Surgical Castration of Horses, Donkeys, and Mules

August 13, 2019


The Canadian Veterinary Medical Association (CVMA) considers castration of horses, donkeys, and mules a major veterinary surgery, which should only be performed by a veterinarian using appropriate surgical, anesthetic, and analgesic techniques.


  • Surgical castration is an elective procedure which can pose significant welfare risk to the animal.
  • Castration is a painful procedure which requires close peri-operative monitoring and can be associated with serious post-surgical complications including blood loss, evisceration, infection and death.
  • Donkeys, mules, and mature horses carry the greatest risk of complication from surgery.
  • The CVMA strongly recommends provincial regulatory authorities regard the castration of horses, donkeys, and mules as an act of veterinary practice and regulate accordingly.
  • Castration without anesthesia and analgesia results in significant preventable animal suffering; therefore, the CVMA considers it to be animal cruelty.


  1. In some horses, donkeys, and mules (equids) the testicles may not descend into the scrotum until several weeks after birth and one or both may be retained within the inguinal rings and may not descend into the scrotum for several months, precluding routine neonatal castration (1,2).
  2. Castration of equids is a major invasive surgical procedure with considerable risk of post-surgical complications. The risk is greatest in donkeys, mules, and mature horses. This surgery is often performed for the benefit of the owner and to facilitate management of the animal (1). Elective surgeries on animals for human benefit carry the highest moral obligation for professionalism and humane methods including pain mitigation (3,4).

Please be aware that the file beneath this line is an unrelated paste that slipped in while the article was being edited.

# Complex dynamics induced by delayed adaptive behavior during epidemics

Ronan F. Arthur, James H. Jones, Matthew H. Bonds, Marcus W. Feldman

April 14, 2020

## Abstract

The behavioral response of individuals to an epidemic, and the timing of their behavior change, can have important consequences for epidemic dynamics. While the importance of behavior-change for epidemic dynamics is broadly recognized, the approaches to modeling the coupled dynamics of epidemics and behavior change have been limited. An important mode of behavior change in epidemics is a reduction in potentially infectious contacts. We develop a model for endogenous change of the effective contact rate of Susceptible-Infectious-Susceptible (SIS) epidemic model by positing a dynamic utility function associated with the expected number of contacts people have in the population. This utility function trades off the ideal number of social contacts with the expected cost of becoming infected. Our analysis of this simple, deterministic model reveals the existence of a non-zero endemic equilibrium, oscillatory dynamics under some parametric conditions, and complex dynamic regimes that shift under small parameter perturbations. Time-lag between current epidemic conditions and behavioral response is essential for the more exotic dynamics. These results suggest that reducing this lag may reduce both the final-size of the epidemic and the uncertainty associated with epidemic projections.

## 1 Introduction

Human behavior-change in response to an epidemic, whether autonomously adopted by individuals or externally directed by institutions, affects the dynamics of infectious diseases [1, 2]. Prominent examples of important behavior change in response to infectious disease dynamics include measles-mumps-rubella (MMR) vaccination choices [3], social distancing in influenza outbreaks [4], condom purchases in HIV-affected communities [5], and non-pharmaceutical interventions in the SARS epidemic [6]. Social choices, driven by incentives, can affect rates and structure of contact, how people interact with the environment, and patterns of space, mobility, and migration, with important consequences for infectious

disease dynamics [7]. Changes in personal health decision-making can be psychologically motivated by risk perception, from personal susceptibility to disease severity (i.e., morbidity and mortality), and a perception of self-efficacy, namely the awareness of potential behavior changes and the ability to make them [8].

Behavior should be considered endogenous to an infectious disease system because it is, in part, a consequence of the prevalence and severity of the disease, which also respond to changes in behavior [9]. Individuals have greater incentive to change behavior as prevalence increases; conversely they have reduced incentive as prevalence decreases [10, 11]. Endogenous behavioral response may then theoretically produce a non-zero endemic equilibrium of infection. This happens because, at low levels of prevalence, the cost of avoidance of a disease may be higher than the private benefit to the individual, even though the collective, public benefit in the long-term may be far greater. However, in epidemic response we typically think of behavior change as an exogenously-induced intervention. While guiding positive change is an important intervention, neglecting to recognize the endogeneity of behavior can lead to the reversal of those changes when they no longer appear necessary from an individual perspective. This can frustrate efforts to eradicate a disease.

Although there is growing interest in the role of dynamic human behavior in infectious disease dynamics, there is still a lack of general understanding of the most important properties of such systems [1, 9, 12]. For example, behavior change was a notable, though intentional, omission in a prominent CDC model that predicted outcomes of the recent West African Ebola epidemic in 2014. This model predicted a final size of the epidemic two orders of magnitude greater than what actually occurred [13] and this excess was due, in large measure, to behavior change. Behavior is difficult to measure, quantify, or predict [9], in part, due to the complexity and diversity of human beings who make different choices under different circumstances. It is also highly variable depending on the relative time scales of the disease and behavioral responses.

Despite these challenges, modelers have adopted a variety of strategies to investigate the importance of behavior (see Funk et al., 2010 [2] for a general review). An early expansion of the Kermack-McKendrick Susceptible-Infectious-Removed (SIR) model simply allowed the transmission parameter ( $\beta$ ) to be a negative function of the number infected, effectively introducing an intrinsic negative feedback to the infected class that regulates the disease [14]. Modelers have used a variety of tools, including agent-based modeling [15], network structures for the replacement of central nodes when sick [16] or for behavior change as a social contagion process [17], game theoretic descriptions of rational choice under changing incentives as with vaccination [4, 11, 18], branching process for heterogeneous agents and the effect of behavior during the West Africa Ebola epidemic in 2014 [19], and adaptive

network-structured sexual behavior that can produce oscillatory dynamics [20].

3. Veterinary examination to establish normal scrotal anatomy and locate testicles prior to surgery is essential and may require sedation and/or general anesthesia in fractious animals. The surgical procedure should be performed in a location that is suitable for the implementation of sterile surgical procedures and the patient should have appropriate pre-operative preparation (1,2). The use of physical methods or muscle paralytics as the only form of restraint, without appropriate sedation, anesthesia and analgesia, to perform equine castration is considered to be animal cruelty. Anesthesia (local or general) and peri-operative analgesics must be used for pain control (5,6).
  4. Because of the likelihood of post-operative complication, attentive post-operative monitoring is essential. This should include appropriate instruction and information to the owner on monitoring and aftercare
  5. Provincial jurisdictions have legislative authority for the protection of animals. Non-veterinarians performing equine castrations may be held accountable under animal protection laws if horses are put in distress by such individuals performing the procedure (7).


  1. Green P. Castration techniques in the horse. In Practice 2001;23:250-260. Available from: Last accessed September 12, 2018.
  2. Searle D, Dart AJ, Dart CM, Hodgson DR. Equine castration: review of anatomy, approaches, techniques and complications in normal, cryptorchid and monorchid horses. Aust Vet J 1999;77:428-434. Available from: Last accessed September 12, 2018.
  3. Mason BJ, Newton JR, Payne RJ, Pilsworth RC. Costs and complications of equine castration: a UK practice based study comparing standing nonsutured and recumbemt sutured techniques. Equine Vet J 2005;37:468-472. Available from: Last accessed September 12, 2018.
  4. Moll DH, Pelzer KD, Pleasant RS, Modranski PD. A survey of equine castration complications. J Equine Vet Sci 1995;15:522-526. Available from: Last accessed September 12, 2018.
  5. Muir WW. Pain therapy in horses. Equine Vet J 2005;37:98-100. Available from: Last accessed September 12, 2018.
  6. Love EJ, Taylor PM, Clark C, Whay HR, Murrell J. Analgesic effect of butorphanol in ponies following castration. Equine Vet J 2009;41:552-556. Available from: Last accessed September 12, 2018.
  7. Code of Practice for the Care and Handling of Equines. National Farmed Animal Health and Welfare Council 2013. Available from: Last accessed June 7, 2019.